That was sort of the “aha” moment — we saw OpenStack and VMWare struggling with this problem, had customers articulate the need, and also saw this as a problem Amazon and other cloud vendors had solved. We just knew this type of solution was a real problem and generally needed throughout the industry. What we also knew was that more and more companies were going to struggle with the policy problem and it was going to become even more acute over time due to the technology landscape and how quickly it was evolving. The more companies embrace cloud technology, the harder and more important the authorization problem becomes. And we knew that everyone was moving in that direction.
Unusual: Can you tell us a bit more about Styra and the problem you are trying to solve?
Tim: There are people, and there are machines that are taking action all the time. The question then becomes, which actions can those people and machines actually execute? Which actions should they be able to execute? Here’s a good analogy: You go to your bank and you log in. Maybe you want to check your balance or you want to withdraw money. Those are both actions that you’re allowed to perform, but what you can’t do necessarily is deposit a bunch of money and just say, add $100,000 to my account. That’s an action you are not authorized to take. Instead, you have to send a check and then the bank verifies whether the check is valid. That question of which actions are allowed and which ones are not is at the heart of the problem that Styra solves. This problem has been around forever, but the new migration of all of the companies who are trying to embrace and use cloud technology to help them deliver software to their end customers faster spurred our decision to start Styra.
Think of it this way: a lot of companies are recognizing that they need to deliver new software and update old software much more rapidly than they did before. Previously, you would get a new version of your operating system for your phone or computer every six months or so. Now, we’re seeing that companies are delivering software continually — i.e. every minute. Cloud is an enabling technology for this shift. The big challenge with this change is that if you’re releasing software, you’re updating software every minute, five minutes, or whatever your cycle is. All of the security and compliance checks you had to go through previously every month or 6 months before, still apply. You still have to ensure that the software is safe, secure, and compliant. So what that means is that all of these companies who are trying to deliver software faster and are embracing cloud technology need to automate those security and compliance checks. They need to ensure that the right authorization policies are in place and things are being deployed properly. Automating the security aspect is where Styra comes in. We give you the tools and technology to help you take the rules around who is allowed to do what, around what kind of configuration you need to use for software, and you can codify all of that in the software itself. Now is the time to take those rules out of PDFs and Wikis, and hand them over to Styra software for automation at scale. Our software will take these rules and automatically enforce them, so when a developer updates their software, all of those rules that people used to manually run will now be run automatically by software. Now, when software goes out, it will be safe, compliant, and secure automatically.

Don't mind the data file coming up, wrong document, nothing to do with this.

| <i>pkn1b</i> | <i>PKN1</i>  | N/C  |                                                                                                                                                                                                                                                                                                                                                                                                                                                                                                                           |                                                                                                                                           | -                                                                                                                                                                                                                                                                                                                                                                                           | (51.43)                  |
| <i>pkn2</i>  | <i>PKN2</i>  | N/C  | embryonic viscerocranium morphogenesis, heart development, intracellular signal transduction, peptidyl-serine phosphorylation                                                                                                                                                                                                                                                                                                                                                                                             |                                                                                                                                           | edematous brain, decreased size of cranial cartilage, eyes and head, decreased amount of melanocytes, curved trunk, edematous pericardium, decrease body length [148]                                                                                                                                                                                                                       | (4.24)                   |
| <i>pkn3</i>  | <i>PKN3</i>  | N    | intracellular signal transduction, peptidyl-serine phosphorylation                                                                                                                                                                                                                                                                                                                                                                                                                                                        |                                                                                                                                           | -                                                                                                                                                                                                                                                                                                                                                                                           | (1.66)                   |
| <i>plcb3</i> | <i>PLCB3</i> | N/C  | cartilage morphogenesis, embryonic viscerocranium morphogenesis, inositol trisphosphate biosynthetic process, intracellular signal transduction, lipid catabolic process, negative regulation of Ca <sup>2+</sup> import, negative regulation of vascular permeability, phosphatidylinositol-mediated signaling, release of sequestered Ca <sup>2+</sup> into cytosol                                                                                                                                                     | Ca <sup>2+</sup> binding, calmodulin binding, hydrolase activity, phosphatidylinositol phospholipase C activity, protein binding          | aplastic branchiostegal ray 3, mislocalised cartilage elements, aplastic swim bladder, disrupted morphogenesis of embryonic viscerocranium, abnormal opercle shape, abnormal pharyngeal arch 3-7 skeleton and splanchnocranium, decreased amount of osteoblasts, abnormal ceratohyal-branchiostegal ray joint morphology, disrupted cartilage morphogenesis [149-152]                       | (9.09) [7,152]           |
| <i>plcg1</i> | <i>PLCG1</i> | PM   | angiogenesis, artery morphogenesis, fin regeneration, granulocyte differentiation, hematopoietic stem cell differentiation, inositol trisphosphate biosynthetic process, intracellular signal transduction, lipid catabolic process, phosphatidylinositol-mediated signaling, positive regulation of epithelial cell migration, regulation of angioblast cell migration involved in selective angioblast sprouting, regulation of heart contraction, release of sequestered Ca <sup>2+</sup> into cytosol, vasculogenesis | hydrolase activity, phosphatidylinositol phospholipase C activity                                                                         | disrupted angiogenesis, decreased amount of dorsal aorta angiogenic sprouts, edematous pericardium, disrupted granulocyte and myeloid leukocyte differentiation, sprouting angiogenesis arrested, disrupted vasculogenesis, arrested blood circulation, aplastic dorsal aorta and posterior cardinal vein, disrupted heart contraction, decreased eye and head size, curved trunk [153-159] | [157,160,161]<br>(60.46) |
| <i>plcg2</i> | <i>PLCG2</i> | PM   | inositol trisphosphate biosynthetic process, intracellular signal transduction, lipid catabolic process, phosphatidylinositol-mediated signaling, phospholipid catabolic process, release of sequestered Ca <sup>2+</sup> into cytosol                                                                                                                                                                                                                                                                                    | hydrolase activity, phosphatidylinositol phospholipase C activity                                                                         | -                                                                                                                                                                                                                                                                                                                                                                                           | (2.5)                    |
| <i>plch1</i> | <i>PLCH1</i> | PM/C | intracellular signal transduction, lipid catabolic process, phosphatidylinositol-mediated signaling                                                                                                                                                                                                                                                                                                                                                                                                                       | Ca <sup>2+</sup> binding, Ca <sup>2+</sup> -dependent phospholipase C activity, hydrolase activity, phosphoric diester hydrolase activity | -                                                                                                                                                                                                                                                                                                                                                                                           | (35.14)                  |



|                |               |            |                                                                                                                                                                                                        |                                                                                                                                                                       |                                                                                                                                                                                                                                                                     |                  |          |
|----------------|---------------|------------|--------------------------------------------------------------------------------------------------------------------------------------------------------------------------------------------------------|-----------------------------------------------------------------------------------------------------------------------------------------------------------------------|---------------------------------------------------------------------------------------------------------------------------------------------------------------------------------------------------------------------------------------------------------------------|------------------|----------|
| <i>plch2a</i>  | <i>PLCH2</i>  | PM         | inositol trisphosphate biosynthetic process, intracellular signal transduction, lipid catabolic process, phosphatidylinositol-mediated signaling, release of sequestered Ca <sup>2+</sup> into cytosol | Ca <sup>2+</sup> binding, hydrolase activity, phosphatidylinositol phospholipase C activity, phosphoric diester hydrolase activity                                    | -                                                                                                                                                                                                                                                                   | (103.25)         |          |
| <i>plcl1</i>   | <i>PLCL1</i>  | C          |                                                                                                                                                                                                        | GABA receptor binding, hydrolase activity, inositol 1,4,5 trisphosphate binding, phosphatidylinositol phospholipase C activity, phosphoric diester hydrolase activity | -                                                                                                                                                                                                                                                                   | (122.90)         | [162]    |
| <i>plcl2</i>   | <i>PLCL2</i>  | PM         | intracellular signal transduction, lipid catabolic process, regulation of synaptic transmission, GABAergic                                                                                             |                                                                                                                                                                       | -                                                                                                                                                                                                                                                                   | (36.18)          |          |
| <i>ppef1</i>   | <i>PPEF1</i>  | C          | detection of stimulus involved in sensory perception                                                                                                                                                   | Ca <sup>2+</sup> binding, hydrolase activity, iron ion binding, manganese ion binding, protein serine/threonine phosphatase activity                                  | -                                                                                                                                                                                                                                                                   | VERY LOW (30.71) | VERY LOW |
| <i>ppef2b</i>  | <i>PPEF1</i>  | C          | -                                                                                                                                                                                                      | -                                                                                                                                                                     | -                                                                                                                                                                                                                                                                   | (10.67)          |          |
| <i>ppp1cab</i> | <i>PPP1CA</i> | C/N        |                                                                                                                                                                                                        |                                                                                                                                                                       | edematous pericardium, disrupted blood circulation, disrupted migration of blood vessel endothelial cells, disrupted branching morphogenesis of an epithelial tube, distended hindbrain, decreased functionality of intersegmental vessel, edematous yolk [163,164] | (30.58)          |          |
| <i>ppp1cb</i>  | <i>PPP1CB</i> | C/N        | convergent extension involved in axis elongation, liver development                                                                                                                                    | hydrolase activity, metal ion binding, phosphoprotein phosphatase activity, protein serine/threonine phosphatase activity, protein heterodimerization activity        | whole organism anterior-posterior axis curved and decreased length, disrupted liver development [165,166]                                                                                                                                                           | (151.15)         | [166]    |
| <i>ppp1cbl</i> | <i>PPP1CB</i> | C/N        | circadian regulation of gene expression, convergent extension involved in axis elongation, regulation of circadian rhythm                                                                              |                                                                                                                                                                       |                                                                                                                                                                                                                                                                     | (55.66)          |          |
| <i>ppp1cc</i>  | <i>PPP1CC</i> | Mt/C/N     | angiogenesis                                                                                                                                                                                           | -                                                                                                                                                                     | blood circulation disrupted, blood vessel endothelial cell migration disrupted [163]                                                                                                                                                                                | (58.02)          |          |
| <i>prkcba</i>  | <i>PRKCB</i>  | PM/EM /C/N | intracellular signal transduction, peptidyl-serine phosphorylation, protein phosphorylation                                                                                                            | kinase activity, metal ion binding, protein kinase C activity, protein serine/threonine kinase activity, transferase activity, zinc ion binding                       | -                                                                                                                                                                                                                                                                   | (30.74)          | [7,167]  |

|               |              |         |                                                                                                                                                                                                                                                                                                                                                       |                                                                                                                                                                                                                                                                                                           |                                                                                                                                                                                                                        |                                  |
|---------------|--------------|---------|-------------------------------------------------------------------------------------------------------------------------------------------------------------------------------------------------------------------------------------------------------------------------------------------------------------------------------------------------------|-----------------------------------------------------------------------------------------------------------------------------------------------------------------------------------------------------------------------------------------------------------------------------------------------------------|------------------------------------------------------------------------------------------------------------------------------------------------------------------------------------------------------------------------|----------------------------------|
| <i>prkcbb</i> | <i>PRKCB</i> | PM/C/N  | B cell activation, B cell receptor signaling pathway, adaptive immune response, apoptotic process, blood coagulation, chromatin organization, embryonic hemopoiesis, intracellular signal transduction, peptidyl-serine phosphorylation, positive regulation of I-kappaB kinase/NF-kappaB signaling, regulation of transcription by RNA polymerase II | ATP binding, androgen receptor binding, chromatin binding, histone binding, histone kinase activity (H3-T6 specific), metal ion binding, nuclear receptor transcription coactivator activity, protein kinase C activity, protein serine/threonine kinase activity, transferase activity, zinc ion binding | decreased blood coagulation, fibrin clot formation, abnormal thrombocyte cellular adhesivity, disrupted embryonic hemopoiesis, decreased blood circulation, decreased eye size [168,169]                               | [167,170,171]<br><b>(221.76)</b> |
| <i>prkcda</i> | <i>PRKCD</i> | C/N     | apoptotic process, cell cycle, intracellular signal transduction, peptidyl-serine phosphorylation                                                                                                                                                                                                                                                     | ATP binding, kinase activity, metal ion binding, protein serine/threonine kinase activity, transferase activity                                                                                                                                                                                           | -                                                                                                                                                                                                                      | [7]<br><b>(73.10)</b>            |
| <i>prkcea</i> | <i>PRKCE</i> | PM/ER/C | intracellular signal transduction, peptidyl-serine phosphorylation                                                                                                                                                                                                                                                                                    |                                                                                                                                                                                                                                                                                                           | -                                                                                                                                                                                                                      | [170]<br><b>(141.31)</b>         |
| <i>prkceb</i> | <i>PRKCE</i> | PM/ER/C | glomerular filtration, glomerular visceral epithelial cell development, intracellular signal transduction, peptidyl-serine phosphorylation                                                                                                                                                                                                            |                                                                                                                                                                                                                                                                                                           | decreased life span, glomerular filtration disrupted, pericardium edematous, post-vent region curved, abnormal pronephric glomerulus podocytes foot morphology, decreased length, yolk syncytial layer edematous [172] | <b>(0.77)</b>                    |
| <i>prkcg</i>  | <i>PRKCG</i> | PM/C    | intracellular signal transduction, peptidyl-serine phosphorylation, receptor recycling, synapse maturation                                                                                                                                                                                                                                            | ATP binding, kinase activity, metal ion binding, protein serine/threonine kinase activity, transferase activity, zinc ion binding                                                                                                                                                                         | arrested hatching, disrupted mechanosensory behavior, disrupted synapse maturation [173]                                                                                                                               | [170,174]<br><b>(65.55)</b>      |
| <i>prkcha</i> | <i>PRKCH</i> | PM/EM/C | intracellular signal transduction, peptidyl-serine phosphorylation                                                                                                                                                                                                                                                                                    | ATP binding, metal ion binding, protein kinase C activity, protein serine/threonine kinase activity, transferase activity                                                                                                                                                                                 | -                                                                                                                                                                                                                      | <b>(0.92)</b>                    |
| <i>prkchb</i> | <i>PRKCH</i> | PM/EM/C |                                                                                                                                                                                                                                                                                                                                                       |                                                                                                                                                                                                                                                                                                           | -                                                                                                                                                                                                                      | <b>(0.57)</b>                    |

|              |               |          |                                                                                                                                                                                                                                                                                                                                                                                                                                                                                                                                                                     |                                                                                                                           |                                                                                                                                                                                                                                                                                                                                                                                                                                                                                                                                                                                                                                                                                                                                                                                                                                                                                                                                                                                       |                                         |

Unusual: For you, what has been the hardest aspect about being an entrepreneur?
Tim: I already mentioned I struggle with the work-life balance thing — that’s probably the toughest aspect of being an entrepreneur. I don’t think anything else was all that surprising. Over 80% of startups fail, so qualitatively, you know you’re in for long hours and have to win against all odds. You know you’re going to have to hire people. You know you’re going to learn skills that you just simply do not have and you’ve never experienced.
When I was trying to decide whether I wanted to start a company, I read Ben Horowitz’s book, “The Hard Thing About Hard Things.” Early on in the book, he describes this tumultuous period in the company he was running where they went from an incredible high to an incredible low and it took just about everything in him to keep the company from going bankrupt. I read through the narration of this and at the end asked myself, “Okay, now does that scare me or excite me? Do I still want to do the startup?” And the answer was yes, I still wanted to start the company. That particular experience didn’t sound like fun, but it certainly seemed exciting and something that didn’t put me off. So for me, reading the narration of what he went through and still wanting to be an entrepreneur despite the risks and challenges, was a pretty good sign for me.
Unusual: What is the biggest tip you’d give aspiring entrepreneurs just starting out on their journey?
Tim: This seems cliche, but it is important — be patient, but not too patient. When you’re building a startup, maybe you already have something working before you launch the company. But we didn’t — we started the product from scratch. So we had to be patient. You have to understand the time frames in which it’s possible to be successful and be realistic about those timeframes. At the same time though, you can’t be too patient. You need to be aggressive. You want to be appropriately impatient. It’s important that with whatever you are doing, you have the capability to measure it and have concrete goals you can hit. So pushing yourself to be a little impatient, especially as an engineer, is easy to struggle with. For an engineer, it’s very easy to say, “Oh, I want things to be perfect before I show it to a customer or before I put it out there in the world.” But that’s actually not helpful. The best way to get to where you want to be is put stuff out there, even if it’s before you’re ready.